Head of Tebb’s Headshop empire sentenced to federal prison for selling bath salts
Tebb’s Headshop on North Salina St, Syracuse.
(Mike Greenlar / The Post-Standard.)
SYRACUSE, N.Y. — John Tebbetts, who built the Tebb’s Headshop empire to 12 stores in two states by selling synthetic drugs, was sentenced today to more than 7 years in prison.
Tebbetts’ stores sold synthetic marijuana and “bath salts.” Police across Central New York blamed his businesses for fueling the bath salts craze that ripped through communities in 2011 and 2012.
When agents raided Tebbetts’ home and businesses, they seized seven vehicles, including a Cadillac and an RV valued at $300,000, along with $400,000 in cash.
State authorities alleged Tebbetts’ taxable sales from nine New York stores totalled $4.45 million from June 1, 2011, to Aug. 31, 2012. All of his stores are now closed.Head of Tebb’s Headshop empire sentenced to federal prison for selling bath salts Tebb’s Headshop on North Salina St, Syracuse. (Mike Greenlar / The Post-Standard.) SYRACUSE, N.Y. — John
Head of Tebbs Headshop empire sold synthetic drugs to provide for his family of eight
John Tebbetts, left,in December 2012 before he pleaded guilty in federal court to selling synthetic drugs at his 12 Tebb’s Headshops in New York and Maine. With him is his lawyer, George Hilldebrandt.
(Ellen Blalock / The Post-Standard)
SYRACUSE, N.Y. — John Tebbetts was a drug addict with a felony conviction and a family to support. He started a sealcoating business, but the work was dirty and sporadic.
So Tebbetts searched for a more stable source of income, according to court papers. And he found it in head shops. Tebbetts worked six days a week – sometimes more – to make his first shop in Utica a success, according to paperwork filed by his lawyer, George Hildebrandt.
The work paid off. Tebbetts invested his profits and built a head shop empire with 12 stores in New York and Maine.
He made enough money to buy a spacious house and an RV for his family, which includes six children. The problem: His empire’s success rested on products that rode the line of legality and made people sick. He sold synthetic marijuana and “bath salts.”
Tebbetts now faces up to nine years in prison and hundreds of thousands of dollars in fines. His empire was taken down by a nationwide crackdown on synthetic drugs in 2012. Tebbetts pleaded guilty Dec. 19, 2012, in U.S. District Court in Syracuse to six felony charges of possessing synthetic drugs that were chemically similar to a controlled substance and money laundering.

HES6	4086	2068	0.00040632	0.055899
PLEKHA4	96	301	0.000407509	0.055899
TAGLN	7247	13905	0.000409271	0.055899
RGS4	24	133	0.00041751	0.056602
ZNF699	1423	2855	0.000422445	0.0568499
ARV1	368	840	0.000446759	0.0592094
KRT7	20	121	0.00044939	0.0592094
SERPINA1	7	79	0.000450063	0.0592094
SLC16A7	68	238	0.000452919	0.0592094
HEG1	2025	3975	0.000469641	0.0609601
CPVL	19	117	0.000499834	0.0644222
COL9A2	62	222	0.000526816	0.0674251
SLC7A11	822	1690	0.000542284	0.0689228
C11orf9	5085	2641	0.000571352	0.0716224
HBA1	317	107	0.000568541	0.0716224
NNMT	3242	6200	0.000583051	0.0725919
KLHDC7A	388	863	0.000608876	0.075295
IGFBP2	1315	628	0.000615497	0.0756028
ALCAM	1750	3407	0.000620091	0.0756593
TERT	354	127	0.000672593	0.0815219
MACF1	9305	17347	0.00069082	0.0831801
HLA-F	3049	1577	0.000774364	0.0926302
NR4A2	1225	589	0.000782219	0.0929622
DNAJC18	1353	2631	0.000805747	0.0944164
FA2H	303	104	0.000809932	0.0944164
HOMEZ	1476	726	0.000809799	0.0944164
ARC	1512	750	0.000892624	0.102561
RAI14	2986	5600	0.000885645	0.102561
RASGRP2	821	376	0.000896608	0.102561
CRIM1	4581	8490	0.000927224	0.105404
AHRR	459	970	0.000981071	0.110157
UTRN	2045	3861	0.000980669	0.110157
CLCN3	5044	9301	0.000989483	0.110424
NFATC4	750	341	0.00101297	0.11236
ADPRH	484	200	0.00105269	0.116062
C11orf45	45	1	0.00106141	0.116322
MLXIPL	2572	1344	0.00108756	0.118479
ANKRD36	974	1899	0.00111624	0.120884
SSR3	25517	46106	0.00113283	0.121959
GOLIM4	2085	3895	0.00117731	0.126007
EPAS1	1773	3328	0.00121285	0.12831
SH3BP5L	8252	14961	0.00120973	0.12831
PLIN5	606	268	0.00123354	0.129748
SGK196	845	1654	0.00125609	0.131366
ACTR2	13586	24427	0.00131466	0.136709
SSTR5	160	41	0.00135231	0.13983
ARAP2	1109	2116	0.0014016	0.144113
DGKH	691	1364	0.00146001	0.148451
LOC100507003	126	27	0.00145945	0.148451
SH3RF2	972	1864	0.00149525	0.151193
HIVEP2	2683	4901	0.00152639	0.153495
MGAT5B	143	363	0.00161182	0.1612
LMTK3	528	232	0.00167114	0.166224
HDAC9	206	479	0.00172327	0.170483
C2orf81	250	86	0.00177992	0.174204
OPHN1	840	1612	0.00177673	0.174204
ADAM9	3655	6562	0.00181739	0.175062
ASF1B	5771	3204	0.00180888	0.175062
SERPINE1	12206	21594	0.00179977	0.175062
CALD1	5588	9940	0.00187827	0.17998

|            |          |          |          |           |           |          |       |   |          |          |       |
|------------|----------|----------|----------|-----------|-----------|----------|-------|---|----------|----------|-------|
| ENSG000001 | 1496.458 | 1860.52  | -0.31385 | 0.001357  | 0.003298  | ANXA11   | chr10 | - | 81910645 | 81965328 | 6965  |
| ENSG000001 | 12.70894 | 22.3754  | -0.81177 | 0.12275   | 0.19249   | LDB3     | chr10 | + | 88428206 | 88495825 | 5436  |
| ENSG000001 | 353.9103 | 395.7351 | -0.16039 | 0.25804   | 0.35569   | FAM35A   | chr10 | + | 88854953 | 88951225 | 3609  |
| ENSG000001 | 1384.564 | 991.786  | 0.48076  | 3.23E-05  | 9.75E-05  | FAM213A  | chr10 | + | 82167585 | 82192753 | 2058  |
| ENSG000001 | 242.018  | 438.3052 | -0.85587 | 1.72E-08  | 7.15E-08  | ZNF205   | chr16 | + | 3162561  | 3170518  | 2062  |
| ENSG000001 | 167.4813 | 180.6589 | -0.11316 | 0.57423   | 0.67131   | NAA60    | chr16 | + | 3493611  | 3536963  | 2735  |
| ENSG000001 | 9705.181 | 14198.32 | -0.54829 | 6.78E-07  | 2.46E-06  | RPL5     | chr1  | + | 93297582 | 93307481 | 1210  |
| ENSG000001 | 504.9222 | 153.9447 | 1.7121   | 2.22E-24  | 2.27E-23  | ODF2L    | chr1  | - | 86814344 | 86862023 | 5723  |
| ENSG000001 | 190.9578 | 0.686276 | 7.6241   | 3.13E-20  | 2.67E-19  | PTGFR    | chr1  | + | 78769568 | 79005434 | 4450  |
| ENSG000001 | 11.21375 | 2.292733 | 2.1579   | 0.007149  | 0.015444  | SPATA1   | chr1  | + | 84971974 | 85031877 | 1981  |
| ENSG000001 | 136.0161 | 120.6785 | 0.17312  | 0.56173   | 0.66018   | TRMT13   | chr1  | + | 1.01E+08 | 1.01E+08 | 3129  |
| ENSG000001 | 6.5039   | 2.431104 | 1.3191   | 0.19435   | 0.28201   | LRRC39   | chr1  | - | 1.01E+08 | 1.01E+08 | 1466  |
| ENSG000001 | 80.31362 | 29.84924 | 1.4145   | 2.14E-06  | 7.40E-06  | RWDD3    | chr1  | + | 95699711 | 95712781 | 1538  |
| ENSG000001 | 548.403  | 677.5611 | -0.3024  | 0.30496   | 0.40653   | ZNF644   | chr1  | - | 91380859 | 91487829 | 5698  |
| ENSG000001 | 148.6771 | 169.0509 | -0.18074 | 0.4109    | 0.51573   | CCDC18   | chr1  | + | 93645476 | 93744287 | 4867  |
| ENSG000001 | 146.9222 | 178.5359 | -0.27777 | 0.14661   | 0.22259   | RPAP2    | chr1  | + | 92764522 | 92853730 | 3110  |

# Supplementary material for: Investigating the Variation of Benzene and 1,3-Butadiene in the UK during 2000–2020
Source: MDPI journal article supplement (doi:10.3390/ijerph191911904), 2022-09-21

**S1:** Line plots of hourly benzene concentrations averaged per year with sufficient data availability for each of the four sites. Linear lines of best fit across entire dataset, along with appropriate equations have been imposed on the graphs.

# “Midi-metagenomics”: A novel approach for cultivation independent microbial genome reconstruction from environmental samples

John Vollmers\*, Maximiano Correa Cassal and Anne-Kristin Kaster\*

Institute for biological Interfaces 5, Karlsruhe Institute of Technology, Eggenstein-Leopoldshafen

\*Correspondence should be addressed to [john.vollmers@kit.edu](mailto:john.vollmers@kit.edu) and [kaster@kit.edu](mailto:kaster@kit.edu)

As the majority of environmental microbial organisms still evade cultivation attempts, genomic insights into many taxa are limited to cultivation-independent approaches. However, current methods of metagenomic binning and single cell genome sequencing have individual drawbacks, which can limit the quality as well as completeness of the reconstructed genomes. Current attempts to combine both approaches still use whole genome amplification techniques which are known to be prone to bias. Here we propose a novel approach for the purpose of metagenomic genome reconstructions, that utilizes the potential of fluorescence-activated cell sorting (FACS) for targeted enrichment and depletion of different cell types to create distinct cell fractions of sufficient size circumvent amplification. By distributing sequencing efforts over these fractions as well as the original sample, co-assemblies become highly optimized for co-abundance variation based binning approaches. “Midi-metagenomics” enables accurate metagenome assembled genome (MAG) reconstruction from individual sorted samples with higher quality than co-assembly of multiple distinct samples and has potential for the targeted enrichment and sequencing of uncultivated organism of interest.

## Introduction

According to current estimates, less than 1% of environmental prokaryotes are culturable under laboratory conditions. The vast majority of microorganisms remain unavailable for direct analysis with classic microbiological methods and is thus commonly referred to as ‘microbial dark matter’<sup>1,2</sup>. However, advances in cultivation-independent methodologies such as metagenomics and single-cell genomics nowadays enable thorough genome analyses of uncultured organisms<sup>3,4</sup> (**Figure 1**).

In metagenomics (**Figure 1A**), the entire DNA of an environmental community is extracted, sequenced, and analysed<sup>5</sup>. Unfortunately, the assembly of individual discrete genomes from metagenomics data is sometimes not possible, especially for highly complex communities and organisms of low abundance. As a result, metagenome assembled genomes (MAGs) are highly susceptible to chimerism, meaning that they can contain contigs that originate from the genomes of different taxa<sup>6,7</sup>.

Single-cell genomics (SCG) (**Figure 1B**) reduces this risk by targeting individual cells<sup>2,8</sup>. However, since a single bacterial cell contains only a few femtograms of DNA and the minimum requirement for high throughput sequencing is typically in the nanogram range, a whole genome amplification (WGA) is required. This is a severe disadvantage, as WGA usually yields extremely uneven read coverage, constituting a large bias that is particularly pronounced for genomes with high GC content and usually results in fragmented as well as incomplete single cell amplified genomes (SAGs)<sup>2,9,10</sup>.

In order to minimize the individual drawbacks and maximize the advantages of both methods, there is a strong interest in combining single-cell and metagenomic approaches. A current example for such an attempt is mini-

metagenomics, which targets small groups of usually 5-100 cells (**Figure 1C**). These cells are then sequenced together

Federal agents determined that the weight of the drugs they took from Tebbetts’ stores was equal to 5,000 pounds of marijuana. Tebbetts’ attorney contested that, saying the weight would have been much smaller: 24 pounds.
Tebbetts is scheduled to be sentenced Tuesday.
Tebbetts faces separate charges from the state for failing to pay his taxes and violating state labeling laws.
He’s been in jail since April 2013. Tebbetts pleaded with the judge to allow him to stay out of prison until his sentencing so he could move his family out of the home they could no longer afford and prepare them for his imprisonment.
But Tebbetts violated his pre-trial probation when he was caught with forty narcotic pain pills that were not prescribed to him. At the time, he apologized to the judge and said he hoped to get drug treatment while in prison.
It would be at least his second time through rehab. Tebbetts went through rehab in 2005 as part of his sentence for stealing a safe, according to court documents.
Tebbetts’ lawyer filed paperwork this month asking the judge for a shortened sentence. In it, Hildebrandt wrote that Tebbetts had convinced himself that it was “edgy” but lawful to sell the bath salts and synthetic marijuana. Tebbetts thought “his actions may be skirting but not over the line,” according to the court papers.
He worked to stay a step ahead of the laws. When synthetic marijuana, called “Legal Phunk,” was banned, Tebbetts’ stores held a contest to give the product a new name. The winner: “Carefree Potpourri.” When “bath salts” became a high profile problem, Tebbetts relabeled his bath salts “glass cleaner,” according to court papers.
But Tebbetts’ motivation was to provide for his family, Hildebrandt wrote. When Tebbetts was released from prison and rehab in 2005, he fought for custody of his oldest child, which he was given despite his felony conviction, Hildebrandt wrote.
The charges against Tebbetts have forced his family to move in with his in-laws and change schools, according to court papers. Before, they had a comfortable life. When police raided Tebbetts’ home, they seized seven vehicles, including a Cadillac and an RV valued at $300,000. They also seized $400,000 in cash from his home and businesses.
As Tebbetts’ empire grew, police departments in small communities struggled to deal with an onslaught of people high on synthetic drugs. The synthetic drugs often left their users violent to both themselves and others, police said.
The village of Herkimer, population 9,000, didn’t have much of a drug problem until Tebbetts opened a store there in 2011, according to Police Chief Joseph Malone.
The problem became so intense that the village passed its own law banning bath salts and other synthetic drugs. Afterward, Malone asked Tebbetts to take the products off of his shelves.
He recalled that he told Tebbetts he was hurting people in the community.
Tebbetts’ reply, according to Malone: “We sell a
product. I can go to Wal-Mart and buy Clorox and drink it. Does that mean Walmart is responsible for my death?”
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